David Greenberg has a useful take on the Herman Cain business. He talks about the changing of sexual mores in politicis over the last fifty years — how extramarital affairs went from unspoken private behavior to very public and ruinous scandals; how divorce went from politically ruinous to acceptable; how homosexual behavior could once have destroyed a politician but is a smaller problem now. The relevance to Cain:
It may be hard today to imagine that sexual harassment could be considered anything but proof of a serious moral deficiency. The crime has appropriately moved from a widely tolerated practice to one whose gravity is dinned into the heads of every employee in every workplace. But the behaviors that fall under the rubric vary widely, and some may result not from malice but from the inability of men accustomed to one set of rules to adjust to new realities. Certain kinds of flirtation deemed unacceptable today could perhaps one day be regarded as relatively harmless. At the least, in this case, as in the others, we should halt the rush to judgmentalism. We shouldn’t assume that our own culture’s newly developed notions of sexual right and wrong are timeless and absolute.
Bill James once noted that social progress often comes in the guise of its opposite. In the early 90’s we had an explosion of sexual harassment scandals — Clinton, Clarence Thomas, tailhook, you name it. But what had changed was not men’s behavior. What had changed was that women stopped putting up with it. For whatever social or economic reason, the early 90’s was when millions of women said, “You know, I really don’t like it when you rub my shoulders like that at work.”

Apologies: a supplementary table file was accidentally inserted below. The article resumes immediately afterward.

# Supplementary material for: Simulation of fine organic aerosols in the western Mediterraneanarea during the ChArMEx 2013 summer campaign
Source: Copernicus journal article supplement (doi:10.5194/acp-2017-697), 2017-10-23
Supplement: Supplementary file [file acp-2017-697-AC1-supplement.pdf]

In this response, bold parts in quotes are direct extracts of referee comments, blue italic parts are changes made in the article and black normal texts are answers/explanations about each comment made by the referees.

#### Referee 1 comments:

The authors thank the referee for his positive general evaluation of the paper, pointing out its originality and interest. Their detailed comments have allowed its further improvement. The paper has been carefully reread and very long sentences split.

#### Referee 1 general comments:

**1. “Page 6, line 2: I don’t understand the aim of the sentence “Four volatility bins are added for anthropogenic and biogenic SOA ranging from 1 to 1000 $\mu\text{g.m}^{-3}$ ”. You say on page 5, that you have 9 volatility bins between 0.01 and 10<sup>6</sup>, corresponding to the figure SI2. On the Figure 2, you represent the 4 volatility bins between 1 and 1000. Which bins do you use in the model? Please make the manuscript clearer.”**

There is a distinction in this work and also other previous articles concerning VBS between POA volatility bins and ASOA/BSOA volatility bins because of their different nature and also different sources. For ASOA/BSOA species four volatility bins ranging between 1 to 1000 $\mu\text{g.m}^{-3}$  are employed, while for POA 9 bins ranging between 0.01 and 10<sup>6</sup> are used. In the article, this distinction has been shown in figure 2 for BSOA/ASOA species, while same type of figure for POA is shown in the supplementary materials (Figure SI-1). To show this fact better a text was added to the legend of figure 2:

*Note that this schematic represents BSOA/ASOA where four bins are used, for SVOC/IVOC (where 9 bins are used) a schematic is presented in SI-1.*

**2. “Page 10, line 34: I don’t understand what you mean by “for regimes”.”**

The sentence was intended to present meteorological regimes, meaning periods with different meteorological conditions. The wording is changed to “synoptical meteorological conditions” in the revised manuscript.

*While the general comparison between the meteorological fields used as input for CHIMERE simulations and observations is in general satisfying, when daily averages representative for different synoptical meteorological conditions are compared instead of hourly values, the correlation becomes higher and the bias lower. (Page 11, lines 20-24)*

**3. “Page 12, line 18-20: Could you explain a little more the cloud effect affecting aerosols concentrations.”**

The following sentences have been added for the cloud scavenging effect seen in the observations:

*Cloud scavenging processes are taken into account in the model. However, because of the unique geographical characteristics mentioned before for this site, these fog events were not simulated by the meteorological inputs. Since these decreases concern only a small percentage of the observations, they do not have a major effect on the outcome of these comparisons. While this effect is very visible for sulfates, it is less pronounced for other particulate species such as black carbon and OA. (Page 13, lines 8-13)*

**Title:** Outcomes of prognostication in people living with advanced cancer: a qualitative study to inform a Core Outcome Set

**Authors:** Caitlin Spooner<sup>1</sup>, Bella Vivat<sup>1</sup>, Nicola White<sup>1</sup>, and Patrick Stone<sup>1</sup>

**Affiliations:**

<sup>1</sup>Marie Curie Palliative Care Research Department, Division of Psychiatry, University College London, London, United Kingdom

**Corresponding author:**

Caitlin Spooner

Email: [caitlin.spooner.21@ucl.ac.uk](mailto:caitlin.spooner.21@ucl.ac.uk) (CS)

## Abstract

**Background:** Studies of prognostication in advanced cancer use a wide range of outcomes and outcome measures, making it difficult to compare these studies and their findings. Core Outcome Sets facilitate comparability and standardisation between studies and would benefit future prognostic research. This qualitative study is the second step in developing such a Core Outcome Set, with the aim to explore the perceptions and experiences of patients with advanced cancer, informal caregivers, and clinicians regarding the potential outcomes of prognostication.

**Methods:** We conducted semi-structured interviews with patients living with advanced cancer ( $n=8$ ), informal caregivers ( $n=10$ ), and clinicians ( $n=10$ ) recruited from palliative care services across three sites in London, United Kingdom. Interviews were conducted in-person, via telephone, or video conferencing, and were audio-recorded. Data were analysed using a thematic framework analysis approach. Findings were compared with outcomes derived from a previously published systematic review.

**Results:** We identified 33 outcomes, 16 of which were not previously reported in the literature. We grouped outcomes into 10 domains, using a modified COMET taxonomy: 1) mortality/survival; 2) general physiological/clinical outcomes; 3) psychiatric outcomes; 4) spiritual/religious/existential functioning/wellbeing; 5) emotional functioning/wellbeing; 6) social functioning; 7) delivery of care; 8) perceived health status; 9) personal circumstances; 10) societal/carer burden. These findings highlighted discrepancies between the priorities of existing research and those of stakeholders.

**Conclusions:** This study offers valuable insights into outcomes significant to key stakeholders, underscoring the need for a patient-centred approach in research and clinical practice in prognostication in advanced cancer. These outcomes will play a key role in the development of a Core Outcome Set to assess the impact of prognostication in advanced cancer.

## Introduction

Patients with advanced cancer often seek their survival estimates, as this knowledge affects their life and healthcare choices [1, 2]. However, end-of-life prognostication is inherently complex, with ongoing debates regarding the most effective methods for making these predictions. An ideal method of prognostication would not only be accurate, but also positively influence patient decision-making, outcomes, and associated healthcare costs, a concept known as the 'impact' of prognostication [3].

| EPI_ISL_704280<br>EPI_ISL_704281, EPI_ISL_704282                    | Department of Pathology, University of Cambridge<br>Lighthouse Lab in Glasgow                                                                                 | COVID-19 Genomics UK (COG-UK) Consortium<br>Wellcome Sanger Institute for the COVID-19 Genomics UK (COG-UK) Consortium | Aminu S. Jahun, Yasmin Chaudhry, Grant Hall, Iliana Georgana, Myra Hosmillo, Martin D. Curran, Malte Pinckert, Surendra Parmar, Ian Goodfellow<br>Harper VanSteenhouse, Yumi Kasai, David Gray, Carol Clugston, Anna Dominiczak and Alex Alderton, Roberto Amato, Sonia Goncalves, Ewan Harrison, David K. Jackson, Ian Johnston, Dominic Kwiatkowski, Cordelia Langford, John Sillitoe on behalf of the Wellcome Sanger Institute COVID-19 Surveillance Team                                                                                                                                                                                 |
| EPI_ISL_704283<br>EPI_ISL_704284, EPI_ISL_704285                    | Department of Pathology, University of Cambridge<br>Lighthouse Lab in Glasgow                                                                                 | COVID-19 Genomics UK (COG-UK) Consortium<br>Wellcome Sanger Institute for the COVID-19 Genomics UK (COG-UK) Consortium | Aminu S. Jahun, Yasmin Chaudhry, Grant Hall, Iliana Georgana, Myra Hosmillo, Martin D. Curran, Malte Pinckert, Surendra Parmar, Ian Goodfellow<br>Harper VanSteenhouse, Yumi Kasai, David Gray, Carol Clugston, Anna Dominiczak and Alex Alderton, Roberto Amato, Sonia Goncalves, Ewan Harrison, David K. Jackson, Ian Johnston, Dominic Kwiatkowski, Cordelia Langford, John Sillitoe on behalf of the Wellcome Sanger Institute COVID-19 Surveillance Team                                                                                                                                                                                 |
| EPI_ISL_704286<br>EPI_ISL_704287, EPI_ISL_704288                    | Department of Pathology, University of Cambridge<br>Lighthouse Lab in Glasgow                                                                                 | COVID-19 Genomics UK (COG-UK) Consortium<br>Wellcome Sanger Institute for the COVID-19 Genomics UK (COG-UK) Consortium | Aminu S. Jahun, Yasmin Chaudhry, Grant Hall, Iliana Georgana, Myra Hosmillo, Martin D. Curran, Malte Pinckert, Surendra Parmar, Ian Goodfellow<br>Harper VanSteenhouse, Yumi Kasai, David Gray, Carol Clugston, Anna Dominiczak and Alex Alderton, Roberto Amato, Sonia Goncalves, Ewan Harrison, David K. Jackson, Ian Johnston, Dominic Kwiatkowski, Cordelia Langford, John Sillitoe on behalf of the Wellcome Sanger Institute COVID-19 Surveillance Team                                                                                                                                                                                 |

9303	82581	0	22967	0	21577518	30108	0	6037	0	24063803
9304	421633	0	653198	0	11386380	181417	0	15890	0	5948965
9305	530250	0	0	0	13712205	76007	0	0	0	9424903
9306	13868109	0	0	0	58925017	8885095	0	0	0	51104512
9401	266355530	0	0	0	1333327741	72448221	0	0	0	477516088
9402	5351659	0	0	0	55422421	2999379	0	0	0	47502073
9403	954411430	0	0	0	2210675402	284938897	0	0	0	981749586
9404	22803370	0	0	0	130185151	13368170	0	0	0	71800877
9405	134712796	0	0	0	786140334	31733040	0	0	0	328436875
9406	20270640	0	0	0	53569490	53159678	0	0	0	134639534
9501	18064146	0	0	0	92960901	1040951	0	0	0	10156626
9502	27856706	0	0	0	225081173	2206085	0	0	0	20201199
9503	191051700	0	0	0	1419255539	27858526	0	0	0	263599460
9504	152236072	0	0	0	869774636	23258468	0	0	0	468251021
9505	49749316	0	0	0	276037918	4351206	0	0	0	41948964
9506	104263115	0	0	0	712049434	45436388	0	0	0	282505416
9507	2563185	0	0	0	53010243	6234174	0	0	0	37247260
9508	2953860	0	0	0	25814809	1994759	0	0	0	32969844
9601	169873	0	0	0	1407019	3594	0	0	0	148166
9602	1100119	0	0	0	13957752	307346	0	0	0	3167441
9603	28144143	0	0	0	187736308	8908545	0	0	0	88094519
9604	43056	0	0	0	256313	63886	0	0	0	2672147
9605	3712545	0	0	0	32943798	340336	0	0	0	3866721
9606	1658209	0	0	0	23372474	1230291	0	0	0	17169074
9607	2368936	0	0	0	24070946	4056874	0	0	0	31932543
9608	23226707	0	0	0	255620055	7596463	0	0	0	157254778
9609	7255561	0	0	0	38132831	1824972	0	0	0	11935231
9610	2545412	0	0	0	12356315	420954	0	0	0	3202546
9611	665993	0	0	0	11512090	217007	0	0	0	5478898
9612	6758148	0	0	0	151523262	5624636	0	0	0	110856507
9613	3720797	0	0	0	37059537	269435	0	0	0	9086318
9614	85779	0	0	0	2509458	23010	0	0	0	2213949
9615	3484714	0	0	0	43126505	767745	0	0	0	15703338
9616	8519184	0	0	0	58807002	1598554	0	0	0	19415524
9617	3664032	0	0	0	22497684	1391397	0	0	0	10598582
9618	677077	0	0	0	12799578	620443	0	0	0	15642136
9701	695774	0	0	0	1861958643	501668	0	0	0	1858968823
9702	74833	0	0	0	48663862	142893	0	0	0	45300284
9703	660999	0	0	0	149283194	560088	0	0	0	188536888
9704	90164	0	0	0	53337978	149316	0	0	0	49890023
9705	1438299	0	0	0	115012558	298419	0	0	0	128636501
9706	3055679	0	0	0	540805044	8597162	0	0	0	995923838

For many men, especially of Cain’s age, this was a radical shift in the landscape. Rush Limbaugh wrote a whole chapter about behavior in radio studios that would now be considered harassment. He wondered why women suddenly didn’t like it. What he missed was that women had never liked it; they had tolerated it.
We don’t know the details, of course, but the timing of the complaints makes me wonder if the same thing happened to Herman Cain. It is likely that the way he had acted around women didn’t change, but what was acceptable and unacceptable did. It’s also possible, as he claims, that his behavior wasn’t harassing but got swept up when the pendulum swung too far. As numerous people have pointed out, the settlement amounts are “nuisance suit” level.
What’s really critical is whether Cain changed his behavior or whether this behavior has continued. I’m willing to cut politicians some slack on past behavior or beliefs. But not if it is reflective of who they are today.